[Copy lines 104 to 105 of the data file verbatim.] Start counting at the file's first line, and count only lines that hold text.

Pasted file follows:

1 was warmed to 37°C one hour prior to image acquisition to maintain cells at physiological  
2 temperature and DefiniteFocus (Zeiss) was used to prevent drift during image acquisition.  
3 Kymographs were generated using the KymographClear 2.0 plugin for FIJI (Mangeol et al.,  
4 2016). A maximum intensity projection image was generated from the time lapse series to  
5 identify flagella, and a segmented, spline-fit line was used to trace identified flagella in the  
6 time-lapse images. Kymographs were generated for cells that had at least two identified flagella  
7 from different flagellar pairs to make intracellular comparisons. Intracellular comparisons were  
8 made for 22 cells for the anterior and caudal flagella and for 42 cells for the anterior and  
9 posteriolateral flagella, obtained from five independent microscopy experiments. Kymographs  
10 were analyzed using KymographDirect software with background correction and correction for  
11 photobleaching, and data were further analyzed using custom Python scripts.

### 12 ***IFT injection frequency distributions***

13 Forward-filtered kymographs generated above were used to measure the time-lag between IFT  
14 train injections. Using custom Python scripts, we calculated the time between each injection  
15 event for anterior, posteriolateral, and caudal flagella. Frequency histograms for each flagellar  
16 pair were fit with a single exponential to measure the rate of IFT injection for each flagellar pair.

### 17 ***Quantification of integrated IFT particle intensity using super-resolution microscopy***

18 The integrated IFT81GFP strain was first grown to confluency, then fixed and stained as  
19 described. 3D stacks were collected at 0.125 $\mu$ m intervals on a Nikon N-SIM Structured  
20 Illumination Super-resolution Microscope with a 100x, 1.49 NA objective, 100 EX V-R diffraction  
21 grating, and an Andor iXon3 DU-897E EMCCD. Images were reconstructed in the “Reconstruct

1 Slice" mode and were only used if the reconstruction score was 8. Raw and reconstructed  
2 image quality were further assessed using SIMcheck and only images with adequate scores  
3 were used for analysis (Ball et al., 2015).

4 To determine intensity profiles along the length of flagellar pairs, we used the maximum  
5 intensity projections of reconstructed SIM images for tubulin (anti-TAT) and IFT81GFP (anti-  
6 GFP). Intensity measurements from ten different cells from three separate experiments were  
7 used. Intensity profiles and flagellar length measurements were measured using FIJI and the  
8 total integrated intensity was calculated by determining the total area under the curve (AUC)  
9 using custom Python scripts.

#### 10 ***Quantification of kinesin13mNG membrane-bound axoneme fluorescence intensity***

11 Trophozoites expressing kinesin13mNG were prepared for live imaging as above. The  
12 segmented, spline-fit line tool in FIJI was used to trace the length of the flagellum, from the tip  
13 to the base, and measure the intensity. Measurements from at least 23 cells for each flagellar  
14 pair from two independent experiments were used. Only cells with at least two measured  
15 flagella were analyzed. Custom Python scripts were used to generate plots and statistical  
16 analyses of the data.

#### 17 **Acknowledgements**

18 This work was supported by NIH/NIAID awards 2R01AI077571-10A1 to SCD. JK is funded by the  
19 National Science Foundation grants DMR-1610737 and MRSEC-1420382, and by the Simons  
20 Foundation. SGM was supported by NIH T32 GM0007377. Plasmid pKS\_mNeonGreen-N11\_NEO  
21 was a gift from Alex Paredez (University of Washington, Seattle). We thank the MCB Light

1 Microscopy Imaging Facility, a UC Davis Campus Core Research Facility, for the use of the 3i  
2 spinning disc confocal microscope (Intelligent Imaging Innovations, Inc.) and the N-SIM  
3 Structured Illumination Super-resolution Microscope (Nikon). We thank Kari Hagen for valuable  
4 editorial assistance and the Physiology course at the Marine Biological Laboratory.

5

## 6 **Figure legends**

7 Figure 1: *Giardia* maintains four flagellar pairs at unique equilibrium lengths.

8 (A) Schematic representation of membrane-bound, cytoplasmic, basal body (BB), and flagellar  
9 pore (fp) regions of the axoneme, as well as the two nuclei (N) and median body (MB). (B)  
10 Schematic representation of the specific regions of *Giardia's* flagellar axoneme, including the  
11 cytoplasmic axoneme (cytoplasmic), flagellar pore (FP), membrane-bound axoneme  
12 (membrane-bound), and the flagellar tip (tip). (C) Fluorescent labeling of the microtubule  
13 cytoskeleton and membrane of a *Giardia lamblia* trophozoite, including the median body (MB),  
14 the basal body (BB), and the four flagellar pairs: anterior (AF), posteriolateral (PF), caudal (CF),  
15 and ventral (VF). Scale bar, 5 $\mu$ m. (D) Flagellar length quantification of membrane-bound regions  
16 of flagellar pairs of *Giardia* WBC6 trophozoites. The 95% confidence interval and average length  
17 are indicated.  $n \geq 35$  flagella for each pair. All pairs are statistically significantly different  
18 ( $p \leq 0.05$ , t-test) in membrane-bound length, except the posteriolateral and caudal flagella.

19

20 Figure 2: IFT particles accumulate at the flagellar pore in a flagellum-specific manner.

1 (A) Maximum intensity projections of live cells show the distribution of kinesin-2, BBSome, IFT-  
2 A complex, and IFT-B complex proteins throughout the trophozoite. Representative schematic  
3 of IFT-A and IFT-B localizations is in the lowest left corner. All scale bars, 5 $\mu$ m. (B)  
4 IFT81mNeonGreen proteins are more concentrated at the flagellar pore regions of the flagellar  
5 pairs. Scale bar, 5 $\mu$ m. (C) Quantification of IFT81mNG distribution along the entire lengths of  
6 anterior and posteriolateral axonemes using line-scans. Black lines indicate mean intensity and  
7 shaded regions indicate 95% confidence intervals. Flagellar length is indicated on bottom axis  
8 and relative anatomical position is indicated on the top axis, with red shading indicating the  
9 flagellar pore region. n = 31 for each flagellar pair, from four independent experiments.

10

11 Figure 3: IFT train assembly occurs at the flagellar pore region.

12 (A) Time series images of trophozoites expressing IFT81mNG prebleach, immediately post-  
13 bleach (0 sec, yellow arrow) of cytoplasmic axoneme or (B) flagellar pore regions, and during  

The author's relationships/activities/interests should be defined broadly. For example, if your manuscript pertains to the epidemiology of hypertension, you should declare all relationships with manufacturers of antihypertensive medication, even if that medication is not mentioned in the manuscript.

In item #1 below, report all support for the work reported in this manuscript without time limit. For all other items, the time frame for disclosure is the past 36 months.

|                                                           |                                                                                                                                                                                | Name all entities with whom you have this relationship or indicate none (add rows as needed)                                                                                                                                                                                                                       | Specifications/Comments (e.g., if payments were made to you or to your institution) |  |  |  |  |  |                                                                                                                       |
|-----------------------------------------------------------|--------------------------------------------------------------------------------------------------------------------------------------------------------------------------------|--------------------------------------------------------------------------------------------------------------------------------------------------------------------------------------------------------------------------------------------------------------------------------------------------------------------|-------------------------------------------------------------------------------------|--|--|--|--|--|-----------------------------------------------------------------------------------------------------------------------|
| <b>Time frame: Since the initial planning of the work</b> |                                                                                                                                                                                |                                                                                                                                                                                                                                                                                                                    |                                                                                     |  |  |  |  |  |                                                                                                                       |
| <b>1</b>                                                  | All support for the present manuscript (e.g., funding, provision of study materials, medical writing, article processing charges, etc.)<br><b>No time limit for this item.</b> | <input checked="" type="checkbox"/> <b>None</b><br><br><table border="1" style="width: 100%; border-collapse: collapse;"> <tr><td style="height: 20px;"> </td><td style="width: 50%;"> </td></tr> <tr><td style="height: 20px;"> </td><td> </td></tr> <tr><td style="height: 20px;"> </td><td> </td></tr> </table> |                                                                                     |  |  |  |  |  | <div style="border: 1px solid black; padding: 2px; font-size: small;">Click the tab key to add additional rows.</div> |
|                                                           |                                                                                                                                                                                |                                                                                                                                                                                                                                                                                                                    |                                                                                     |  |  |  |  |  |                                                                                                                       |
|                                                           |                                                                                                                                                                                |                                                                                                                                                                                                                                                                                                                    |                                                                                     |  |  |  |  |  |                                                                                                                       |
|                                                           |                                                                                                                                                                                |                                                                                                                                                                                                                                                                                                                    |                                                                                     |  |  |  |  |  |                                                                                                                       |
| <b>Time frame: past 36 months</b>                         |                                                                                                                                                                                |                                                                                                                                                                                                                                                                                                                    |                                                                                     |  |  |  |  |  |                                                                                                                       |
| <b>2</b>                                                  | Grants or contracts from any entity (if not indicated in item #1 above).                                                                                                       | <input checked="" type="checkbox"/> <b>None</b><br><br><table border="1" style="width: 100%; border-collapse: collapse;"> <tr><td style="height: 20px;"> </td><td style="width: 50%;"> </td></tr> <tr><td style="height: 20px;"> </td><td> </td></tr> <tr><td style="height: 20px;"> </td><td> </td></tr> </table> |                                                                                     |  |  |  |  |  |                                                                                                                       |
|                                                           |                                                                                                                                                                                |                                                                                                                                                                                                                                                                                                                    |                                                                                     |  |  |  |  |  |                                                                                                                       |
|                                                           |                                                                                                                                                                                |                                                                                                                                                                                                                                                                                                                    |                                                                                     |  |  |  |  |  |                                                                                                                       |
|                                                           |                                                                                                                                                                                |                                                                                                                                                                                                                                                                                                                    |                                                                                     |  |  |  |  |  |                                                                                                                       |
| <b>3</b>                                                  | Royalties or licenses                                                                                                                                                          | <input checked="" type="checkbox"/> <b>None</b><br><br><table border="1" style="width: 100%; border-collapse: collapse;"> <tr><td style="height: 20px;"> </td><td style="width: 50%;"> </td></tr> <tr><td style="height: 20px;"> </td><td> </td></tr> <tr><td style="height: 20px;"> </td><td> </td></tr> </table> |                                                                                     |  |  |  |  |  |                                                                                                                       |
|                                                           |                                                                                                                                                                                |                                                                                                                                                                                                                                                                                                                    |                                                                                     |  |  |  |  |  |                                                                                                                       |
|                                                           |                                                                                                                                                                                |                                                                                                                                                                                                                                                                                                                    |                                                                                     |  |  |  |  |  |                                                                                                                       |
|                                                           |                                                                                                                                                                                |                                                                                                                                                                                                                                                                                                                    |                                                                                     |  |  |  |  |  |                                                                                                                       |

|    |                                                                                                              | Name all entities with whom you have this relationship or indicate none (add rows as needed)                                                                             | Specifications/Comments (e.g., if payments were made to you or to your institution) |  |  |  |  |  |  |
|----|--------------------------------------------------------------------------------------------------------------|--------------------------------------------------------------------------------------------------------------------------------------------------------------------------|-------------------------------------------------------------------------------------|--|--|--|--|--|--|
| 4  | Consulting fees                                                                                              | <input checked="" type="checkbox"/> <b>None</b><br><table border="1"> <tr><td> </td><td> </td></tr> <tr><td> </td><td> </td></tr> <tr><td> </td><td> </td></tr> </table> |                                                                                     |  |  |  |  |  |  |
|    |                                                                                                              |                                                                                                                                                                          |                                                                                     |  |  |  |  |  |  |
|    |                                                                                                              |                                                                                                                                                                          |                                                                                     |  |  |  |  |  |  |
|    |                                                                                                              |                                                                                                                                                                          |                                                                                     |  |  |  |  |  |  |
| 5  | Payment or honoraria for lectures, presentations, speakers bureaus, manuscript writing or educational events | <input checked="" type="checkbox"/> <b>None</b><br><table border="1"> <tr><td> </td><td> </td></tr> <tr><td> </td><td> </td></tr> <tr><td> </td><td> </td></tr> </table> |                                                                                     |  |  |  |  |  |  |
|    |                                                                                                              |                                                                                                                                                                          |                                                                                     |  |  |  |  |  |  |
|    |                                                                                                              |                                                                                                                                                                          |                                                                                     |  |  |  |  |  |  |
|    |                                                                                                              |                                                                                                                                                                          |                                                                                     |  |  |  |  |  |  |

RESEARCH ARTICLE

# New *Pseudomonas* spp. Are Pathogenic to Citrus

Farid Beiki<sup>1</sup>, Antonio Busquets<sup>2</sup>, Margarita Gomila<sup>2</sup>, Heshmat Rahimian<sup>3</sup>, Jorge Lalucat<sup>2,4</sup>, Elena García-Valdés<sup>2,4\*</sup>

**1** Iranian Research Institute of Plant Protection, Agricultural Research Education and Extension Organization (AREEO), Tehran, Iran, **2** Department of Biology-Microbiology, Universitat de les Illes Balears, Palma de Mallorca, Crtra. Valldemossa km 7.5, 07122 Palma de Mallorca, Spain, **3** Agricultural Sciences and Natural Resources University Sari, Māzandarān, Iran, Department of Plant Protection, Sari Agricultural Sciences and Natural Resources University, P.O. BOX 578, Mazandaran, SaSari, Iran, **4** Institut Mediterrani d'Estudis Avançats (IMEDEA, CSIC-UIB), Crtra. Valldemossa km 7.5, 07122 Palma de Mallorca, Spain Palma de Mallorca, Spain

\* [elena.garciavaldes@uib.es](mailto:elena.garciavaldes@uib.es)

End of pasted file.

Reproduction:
RESEARCH ARTICLE

# New *Pseudomonas* spp. Are Pathogenic to Citrus